What Is a Slot?

A slot is an opening in a surface, especially one for receiving something, such as a coin or a letter. A slot can also be a place in a series or sequence, such as a position on an ice hockey team. The term is also used figuratively to refer to a time, place, or job.

A popular form of gambling, a slot machine is found at casinos, online gaming platforms, and even physical locations like bars and arcades. A slot machine consists of a display screen with multiple reels and symbols, as well as a lever or button that initiates the spin. The objective of a slot game is to match a winning combination of symbols. The winnings are then displayed on the screen, and the player can cash out the money or keep playing in hopes of a bigger prize.

One of the most important things to remember when playing slots is that spins are always random. While some players believe that they can predict their next win by looking at their previous results, this is not true. While there are some strategies that can improve your chances of winning, it is impossible to know if you will win or lose on any given spin.

While there are many different types of slots, they all have one thing in common: the possibility of a high payout. These games can have anything from a simple jackpot to a progressive multiplier that grows with every bet made. Some have bonus features that offer additional ways to win, while others have unique mechanics that add a level of excitement to the game.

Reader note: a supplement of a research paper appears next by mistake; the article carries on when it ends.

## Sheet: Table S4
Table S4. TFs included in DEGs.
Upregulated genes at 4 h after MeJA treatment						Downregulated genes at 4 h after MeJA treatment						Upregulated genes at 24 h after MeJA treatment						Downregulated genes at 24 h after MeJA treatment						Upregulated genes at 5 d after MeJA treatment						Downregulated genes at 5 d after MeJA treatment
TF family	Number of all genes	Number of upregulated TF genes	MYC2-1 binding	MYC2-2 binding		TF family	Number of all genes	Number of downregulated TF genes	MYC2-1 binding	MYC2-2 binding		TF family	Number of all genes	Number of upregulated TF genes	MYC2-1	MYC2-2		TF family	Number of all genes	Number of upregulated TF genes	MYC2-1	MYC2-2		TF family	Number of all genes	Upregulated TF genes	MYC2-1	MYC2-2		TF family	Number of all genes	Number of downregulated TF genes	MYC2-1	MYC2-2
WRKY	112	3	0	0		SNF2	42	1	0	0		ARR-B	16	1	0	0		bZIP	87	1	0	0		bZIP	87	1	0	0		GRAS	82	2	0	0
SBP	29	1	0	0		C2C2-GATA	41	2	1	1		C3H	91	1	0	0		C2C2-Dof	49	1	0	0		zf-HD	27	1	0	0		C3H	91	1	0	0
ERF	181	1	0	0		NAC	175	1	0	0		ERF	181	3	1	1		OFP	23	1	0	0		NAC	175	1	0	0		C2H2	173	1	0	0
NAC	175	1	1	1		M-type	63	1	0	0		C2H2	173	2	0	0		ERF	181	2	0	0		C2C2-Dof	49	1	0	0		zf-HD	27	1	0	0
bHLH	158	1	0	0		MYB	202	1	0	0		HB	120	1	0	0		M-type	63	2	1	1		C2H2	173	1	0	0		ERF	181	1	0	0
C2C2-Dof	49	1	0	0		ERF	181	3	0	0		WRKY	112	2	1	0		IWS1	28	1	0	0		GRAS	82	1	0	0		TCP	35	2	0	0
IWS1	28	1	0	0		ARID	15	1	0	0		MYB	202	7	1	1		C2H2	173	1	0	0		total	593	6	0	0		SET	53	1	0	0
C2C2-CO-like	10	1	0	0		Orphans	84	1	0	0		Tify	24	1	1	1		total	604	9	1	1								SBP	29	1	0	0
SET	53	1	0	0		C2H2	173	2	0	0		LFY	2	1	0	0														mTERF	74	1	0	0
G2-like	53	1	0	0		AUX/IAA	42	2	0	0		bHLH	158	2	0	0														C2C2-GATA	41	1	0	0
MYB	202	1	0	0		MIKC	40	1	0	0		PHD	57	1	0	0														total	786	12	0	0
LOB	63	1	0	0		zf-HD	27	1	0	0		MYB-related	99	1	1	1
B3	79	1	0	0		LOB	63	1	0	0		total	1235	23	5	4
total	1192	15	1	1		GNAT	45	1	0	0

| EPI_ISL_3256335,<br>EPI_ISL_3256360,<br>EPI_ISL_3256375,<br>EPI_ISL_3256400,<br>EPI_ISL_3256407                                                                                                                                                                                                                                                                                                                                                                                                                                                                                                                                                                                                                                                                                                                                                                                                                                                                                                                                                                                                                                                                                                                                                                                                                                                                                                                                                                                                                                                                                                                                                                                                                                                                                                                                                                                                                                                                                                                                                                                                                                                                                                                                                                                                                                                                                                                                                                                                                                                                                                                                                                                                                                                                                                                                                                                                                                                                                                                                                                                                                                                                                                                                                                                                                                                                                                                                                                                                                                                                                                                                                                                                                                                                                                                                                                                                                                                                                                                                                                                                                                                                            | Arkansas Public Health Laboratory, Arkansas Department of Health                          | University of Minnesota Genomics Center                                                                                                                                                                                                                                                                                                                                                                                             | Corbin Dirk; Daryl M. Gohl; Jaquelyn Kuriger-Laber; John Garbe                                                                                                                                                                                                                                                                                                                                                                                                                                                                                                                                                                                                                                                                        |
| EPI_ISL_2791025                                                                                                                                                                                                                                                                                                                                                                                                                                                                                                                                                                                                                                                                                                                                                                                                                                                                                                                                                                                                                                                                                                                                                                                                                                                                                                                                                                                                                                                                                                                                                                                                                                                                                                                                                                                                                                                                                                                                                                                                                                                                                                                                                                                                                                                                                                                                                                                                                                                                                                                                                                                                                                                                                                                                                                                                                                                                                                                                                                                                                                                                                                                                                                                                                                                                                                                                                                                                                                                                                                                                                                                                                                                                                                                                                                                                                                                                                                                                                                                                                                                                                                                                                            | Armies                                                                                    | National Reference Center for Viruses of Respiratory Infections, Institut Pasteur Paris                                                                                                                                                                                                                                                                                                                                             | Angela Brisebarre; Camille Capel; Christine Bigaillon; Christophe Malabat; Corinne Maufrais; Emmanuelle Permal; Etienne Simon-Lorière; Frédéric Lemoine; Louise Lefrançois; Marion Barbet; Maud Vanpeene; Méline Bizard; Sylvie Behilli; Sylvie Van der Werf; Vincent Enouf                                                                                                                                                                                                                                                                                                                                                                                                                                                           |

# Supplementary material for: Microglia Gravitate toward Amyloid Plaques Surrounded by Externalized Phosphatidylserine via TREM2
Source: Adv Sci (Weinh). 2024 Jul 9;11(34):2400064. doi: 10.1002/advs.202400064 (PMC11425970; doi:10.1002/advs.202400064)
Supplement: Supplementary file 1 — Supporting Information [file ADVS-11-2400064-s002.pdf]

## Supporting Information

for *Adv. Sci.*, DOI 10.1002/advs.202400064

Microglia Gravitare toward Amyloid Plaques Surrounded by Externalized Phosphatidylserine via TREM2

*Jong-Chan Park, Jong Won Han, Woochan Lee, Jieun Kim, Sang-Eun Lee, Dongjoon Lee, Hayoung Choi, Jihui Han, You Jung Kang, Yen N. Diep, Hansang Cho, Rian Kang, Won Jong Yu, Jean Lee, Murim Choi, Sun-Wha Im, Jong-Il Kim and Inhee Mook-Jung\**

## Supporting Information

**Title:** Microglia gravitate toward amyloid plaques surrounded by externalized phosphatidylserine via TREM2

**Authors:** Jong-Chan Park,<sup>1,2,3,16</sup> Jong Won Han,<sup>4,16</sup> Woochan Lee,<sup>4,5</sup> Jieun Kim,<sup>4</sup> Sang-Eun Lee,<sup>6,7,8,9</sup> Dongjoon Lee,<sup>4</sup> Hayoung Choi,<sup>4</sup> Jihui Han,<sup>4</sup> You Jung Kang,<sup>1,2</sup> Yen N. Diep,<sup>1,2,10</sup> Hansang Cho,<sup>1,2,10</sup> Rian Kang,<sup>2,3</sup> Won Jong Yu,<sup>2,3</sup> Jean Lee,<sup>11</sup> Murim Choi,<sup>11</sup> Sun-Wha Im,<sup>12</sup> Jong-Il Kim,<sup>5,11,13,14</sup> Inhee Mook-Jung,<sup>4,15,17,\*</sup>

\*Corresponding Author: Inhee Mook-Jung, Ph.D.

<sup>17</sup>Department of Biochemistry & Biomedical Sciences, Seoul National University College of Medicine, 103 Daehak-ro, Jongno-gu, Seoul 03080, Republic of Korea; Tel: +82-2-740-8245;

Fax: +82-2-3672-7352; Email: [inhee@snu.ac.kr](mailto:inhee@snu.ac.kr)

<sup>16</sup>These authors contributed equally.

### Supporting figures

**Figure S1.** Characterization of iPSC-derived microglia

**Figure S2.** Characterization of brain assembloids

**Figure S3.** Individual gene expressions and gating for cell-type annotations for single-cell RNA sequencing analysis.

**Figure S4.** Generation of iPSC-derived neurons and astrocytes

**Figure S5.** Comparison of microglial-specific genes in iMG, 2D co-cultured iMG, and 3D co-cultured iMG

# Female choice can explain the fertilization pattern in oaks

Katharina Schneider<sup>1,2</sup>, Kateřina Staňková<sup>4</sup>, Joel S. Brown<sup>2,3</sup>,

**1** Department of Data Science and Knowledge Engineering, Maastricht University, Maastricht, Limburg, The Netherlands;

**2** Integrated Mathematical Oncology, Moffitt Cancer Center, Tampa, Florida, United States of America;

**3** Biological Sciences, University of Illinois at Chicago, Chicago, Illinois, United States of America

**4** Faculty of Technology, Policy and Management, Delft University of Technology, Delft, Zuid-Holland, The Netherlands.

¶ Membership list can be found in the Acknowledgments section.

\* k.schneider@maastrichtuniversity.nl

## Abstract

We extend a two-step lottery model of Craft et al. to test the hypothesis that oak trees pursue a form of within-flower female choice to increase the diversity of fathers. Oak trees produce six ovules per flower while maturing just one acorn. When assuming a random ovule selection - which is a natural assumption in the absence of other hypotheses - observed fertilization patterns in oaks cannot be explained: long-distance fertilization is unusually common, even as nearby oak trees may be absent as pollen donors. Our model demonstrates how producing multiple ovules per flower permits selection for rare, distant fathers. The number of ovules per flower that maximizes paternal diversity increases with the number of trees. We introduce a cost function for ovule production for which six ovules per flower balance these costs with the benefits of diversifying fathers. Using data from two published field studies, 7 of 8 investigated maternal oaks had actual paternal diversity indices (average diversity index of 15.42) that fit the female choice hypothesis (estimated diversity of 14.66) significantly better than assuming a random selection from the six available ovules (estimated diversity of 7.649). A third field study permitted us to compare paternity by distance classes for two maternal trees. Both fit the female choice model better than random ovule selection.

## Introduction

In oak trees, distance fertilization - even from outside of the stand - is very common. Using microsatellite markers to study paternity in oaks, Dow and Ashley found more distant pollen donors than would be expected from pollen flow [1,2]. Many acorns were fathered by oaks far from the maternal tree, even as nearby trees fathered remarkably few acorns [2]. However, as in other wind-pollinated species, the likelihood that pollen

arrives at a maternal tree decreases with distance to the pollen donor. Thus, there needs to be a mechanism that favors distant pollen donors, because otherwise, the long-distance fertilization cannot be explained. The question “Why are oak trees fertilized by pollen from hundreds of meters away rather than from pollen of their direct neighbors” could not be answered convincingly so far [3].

It is crucial to understand how each type of slot works before deciding which one is right for you. First, you will need to choose a denomination. While some players prefer the high volatility of progressive machines, others enjoy the lower risk of fixed-amount rewards. In addition, it is important to consider a game’s max cashout limit before making a deposit. This will ensure that you don’t run out of money before you can collect your winnings.

If you want to play slots without spending a lot of money, look for quarter slots. These machines will provide you with more frequent wins than nickel or penny slots and are designed to appeal to those on a budget. They can be very appealing, with bright lights and a jingling jangling sound that will draw in players. Just be sure to protect your bankroll and avoid chasing comps, as this can lead to a loss in the long run.